Tuesday, December 13, 2005

Prepare To Eat Crow, or Why The Sun Is An Infielder's Worst Enemy, Part 3

To hear some statheads (and even some traditional analysts) tell it, Alfonso Soriano is Hitler with a glove. Among the stathead community, especially, it's a competition to create new superlatives to describe his defensive play in a number-cruncher version of the "Your Momma's So Fat" jokes.

Soriano is a below average defensive second baseman. I'm not going to pretend he's not. But it's not like he's a left-handed thrower, or that he's completely immobile. But the perception, probably fueled by the typical "demonize at all costs" internet debating technique, is that he's better as a DH.

Soriano was a shortstop in the Yankees farm system. He ran into two problems, though. One was Derek Jeter's ring-covered fingers in the majors. The other was D'Angelo Jimenez playing next to him. The Yankees, who were higher on Soriano, figured that he'd have an easier path to the majors if he moved to second. He was never regarded as a particularly good defensive player, and there was frequent talk of switching positions. In fact, if Chuck Knoblauch didn't develop the throwing yips, Soriano would've started out as a left fielder.

Defensive statistics are sort of the last great unknown for statistical analysts. There are lots of problems with trying to assess players and isolate them from the team -- you'd need to make adjustments for opportunities, such as groundballs, strikeout rate, line drives, etc. There's a lot of noise in the statistics, and the most commonly accepted ones are crude. With most, it's like trying to paint a landscape with a wall brush. It works if you're Bob Ross, but most of us aren't Bob Ross.

The two defensive stats I trust (mostly because the explanations I've seen of them make sense, and because people who's opinions I respect vouch for them) are Baseball Prospectus' Rate2 stat, and MGL's Ultimate Zone Rating.

Both stats paint him as slightly below average fielder, but much closer to average than the butcher perception he has. In fact, he compares favorably with the pre-leg injury Jose Vidro, who was regarded as a decent fielder.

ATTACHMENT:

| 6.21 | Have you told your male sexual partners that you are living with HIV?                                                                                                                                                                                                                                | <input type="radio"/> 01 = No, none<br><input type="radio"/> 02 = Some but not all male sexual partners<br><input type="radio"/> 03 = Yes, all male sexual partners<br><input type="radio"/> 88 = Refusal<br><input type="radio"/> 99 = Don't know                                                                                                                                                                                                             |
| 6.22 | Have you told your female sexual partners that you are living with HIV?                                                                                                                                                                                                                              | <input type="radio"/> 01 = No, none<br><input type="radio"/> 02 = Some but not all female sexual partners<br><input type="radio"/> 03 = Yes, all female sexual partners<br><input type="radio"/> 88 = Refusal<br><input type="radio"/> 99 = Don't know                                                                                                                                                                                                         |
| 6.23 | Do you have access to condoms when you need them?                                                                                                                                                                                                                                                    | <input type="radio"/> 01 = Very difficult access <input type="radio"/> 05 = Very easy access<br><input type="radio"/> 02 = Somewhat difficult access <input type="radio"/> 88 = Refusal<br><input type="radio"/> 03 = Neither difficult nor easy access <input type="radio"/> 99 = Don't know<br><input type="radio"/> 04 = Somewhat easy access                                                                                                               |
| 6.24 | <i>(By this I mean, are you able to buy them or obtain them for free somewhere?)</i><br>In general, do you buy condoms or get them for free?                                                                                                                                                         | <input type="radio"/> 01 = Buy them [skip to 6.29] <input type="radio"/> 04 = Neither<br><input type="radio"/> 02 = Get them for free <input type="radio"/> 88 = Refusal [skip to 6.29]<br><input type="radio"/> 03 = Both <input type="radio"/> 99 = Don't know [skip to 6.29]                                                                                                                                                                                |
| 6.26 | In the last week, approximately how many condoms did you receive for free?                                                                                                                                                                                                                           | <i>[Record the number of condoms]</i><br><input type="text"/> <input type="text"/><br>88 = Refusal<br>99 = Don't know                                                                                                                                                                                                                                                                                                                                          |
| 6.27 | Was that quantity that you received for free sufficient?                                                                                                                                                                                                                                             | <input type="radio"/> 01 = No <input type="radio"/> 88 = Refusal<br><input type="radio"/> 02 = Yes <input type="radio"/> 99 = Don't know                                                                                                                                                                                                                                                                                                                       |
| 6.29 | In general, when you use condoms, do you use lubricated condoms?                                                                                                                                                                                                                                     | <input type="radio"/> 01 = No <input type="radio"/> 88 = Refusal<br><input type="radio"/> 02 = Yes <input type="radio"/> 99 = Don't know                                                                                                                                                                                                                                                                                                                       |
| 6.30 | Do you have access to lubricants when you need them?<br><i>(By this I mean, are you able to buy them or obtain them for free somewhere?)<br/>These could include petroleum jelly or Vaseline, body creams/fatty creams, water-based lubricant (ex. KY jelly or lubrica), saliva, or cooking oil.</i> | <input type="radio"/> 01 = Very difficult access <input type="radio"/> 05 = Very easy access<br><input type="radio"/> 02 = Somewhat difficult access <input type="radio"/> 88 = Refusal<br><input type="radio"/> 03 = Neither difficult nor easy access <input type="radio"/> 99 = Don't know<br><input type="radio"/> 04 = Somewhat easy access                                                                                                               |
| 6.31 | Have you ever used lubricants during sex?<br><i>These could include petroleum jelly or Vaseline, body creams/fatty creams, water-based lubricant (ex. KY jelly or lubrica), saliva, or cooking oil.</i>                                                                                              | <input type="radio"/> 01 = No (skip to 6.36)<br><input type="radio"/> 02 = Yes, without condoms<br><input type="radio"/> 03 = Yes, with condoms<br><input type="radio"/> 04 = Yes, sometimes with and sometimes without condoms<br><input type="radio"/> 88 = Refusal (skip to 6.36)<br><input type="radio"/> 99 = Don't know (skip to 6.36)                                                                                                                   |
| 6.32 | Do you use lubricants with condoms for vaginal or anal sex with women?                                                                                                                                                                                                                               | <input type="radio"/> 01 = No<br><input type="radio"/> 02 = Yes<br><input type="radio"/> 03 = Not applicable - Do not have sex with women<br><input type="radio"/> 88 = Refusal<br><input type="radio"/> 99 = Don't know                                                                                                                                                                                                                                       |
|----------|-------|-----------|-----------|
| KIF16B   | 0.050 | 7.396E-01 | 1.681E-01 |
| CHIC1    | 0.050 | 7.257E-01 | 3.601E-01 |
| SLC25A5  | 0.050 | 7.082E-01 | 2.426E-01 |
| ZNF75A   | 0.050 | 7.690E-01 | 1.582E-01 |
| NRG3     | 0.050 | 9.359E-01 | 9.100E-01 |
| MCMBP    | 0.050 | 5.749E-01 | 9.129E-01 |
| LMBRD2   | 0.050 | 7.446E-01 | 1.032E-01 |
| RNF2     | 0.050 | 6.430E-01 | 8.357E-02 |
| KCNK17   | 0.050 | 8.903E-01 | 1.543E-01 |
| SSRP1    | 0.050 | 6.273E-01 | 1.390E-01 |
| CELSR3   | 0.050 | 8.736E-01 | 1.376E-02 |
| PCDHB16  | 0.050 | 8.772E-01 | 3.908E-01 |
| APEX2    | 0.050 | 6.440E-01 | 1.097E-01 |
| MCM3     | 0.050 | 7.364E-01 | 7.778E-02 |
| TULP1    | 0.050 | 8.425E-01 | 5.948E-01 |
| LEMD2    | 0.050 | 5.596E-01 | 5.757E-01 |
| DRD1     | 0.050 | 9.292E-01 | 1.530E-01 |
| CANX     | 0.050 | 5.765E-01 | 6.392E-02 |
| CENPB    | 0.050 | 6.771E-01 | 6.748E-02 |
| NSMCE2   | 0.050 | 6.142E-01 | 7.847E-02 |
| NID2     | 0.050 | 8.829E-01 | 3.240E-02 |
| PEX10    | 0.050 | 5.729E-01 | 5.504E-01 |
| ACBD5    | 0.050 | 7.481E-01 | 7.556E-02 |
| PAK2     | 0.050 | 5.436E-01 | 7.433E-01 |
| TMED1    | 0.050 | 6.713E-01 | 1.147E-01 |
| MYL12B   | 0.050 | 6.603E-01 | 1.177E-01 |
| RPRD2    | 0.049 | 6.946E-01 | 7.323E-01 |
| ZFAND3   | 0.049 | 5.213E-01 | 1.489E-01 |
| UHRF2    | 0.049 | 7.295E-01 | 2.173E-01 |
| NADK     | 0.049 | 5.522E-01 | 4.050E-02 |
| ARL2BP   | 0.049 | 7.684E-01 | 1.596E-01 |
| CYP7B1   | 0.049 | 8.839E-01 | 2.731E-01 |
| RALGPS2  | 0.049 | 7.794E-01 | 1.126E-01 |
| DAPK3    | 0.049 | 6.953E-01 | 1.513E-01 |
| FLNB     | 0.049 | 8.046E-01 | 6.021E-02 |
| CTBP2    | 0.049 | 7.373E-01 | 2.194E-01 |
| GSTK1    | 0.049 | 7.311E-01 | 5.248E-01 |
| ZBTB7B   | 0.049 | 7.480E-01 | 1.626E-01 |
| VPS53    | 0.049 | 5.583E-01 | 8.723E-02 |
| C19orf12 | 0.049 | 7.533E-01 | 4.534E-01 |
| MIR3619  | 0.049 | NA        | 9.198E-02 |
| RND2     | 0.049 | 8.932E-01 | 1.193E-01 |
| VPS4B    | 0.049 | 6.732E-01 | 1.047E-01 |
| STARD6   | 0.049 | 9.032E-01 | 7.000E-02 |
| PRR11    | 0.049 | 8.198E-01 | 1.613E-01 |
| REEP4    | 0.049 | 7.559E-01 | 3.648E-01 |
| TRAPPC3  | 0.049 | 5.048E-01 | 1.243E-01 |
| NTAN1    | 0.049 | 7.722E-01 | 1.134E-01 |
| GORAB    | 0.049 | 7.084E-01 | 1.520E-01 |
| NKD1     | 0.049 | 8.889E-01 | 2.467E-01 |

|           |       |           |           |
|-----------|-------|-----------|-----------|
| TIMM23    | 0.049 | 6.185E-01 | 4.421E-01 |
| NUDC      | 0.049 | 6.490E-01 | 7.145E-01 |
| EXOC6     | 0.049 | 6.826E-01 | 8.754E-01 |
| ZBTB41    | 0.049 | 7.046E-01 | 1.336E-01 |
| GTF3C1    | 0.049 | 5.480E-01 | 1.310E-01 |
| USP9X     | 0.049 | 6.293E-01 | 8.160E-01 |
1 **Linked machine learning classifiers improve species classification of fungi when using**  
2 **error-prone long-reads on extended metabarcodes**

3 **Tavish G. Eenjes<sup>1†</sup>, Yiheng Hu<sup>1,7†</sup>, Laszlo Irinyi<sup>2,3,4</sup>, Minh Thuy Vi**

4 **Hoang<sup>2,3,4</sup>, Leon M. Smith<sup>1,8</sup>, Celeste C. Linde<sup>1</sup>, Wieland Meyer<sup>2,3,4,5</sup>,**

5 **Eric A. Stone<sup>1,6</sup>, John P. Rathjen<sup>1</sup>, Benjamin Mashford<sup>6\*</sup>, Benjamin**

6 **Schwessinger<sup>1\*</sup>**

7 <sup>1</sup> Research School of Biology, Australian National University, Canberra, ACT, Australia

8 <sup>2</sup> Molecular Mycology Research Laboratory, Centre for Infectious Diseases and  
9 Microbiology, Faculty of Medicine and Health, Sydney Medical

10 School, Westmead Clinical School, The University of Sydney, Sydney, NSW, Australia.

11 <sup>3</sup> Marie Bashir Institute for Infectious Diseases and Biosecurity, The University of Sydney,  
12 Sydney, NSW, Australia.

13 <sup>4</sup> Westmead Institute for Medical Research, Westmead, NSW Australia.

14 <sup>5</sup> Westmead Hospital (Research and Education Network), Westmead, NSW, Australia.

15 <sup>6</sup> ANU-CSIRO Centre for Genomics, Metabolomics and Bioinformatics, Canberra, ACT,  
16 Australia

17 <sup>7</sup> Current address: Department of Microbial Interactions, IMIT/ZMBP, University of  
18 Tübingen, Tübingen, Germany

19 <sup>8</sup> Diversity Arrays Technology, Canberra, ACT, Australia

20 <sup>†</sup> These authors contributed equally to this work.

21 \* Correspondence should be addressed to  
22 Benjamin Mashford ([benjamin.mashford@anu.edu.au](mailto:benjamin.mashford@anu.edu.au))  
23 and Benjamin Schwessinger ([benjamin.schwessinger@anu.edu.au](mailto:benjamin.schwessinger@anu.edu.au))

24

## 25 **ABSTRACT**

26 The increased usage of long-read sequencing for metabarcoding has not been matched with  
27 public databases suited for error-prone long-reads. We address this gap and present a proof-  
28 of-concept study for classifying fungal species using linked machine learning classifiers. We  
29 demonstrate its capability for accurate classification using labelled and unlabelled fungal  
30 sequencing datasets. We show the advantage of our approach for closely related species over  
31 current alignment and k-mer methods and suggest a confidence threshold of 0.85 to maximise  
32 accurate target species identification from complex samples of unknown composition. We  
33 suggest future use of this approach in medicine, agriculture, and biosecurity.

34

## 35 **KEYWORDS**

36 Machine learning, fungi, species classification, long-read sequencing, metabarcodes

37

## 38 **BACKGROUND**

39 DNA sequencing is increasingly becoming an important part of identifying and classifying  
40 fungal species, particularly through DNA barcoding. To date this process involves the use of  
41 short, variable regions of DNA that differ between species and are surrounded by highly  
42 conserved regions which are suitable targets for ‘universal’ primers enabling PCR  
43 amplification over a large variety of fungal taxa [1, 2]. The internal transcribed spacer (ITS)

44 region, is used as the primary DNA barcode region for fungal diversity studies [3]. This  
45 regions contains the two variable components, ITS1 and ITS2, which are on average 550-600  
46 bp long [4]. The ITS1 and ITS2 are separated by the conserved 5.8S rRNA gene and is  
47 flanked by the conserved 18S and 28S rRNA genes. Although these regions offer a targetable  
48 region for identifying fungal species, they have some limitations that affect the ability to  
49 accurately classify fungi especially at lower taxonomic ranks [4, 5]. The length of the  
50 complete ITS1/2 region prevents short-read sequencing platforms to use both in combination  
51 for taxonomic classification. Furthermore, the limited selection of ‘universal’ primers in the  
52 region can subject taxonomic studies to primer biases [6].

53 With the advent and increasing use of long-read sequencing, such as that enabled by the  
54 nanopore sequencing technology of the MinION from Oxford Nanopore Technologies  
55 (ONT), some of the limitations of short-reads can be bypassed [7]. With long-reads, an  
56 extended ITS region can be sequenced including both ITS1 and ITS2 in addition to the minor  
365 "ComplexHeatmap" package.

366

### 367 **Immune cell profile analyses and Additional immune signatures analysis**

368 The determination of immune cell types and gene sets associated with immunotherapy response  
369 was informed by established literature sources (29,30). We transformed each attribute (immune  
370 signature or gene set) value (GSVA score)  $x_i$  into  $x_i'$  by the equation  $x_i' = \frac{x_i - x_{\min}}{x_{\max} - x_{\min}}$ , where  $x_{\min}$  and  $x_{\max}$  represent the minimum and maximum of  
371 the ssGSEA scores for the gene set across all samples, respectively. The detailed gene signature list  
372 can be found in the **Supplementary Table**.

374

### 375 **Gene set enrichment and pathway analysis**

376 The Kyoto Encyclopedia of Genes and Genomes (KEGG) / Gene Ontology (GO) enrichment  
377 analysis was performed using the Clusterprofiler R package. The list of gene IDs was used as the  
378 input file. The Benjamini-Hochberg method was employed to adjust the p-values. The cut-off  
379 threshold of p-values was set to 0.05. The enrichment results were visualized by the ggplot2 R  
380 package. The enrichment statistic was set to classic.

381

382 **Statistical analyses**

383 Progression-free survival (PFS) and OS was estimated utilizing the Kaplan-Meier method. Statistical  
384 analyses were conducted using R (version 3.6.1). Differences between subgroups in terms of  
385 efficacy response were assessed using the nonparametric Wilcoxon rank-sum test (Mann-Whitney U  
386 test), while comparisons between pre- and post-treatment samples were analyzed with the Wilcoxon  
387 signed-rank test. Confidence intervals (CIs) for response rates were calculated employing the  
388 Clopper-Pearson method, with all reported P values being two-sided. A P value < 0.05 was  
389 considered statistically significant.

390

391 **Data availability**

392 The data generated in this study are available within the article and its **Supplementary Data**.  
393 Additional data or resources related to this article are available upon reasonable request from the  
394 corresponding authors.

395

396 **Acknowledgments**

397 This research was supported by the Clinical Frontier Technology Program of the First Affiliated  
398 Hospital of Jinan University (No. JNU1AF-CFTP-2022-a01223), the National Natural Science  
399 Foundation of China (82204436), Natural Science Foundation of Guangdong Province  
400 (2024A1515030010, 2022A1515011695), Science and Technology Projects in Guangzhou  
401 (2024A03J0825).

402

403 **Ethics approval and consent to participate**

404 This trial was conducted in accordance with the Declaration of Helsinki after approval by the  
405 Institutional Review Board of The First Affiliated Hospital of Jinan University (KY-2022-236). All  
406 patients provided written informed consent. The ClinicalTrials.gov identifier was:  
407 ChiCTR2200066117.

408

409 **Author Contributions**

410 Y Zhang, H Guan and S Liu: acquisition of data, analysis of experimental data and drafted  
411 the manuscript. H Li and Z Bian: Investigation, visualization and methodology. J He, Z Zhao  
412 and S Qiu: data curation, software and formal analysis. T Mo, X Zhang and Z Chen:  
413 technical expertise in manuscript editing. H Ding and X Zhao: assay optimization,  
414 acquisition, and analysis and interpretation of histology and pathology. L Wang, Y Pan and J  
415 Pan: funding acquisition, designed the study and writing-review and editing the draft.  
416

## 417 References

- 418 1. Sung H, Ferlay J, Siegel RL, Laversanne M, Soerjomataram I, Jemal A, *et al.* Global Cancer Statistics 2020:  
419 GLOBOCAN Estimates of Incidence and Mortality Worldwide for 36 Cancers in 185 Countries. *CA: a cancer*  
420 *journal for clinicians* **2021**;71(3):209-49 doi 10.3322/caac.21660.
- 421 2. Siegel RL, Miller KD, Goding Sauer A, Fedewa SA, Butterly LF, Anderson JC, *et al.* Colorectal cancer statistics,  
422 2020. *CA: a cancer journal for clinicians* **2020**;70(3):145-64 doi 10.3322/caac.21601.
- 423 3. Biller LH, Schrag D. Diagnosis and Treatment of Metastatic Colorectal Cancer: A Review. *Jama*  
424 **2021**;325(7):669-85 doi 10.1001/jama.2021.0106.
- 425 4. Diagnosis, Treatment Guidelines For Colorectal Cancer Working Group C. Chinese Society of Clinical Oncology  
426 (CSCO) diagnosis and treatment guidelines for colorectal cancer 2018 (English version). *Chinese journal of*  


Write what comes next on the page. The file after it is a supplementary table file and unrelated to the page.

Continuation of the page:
Last year's defensive stats were the worst of his career, but how much stock can you put into one year of evidence that's out of line with the rest of his career? Maybe he was injured? Maybe just disinterested? Maybe it's just random noise in the data?

Just throwing this one out there.... but his defensive reputation seems to have taken a nose-dive once he went to Texas. I wonder if some of that perception is a result of the infield in Texas, which, by all accounts, is lightning fast, thanks to the sun-baked earth. As a result, more groundballs (intensified by a Texas staff that yields more groundballs than most) would shoot through the infield just beyond Soriano's grasp. Throw in that Soriano has a very athletic body, and that he looks like he should be doing better than he is, and it might be a case of your eyes deceiving you into believing that he's worse than he really is. The defensive stats sort of point to that last 'fact', at least.

But as it stands, it's an academic debate anyway. Soriano is set to be a 7 next year, at least until Vidro breaks. Will he make a good outfielder? I don't know. He has excellent speed, and a nice long stride. But speed doesn't really make someone a great outfielder. Lou Brock, the all-time base stealer until Rickey!, was a horrible outfielder. He's had limited experience in the outfield, playing there in Spring Training before the Yankees liability insurance necessitated moving Knoblauch from second. I'm optimistic that he can be an average outfielder. If he does show an ability to read fly balls, his speed and RFK's spacious gaps will create quite a few outs.

Next time, I'll wrap it all up, and look at the trade itself.


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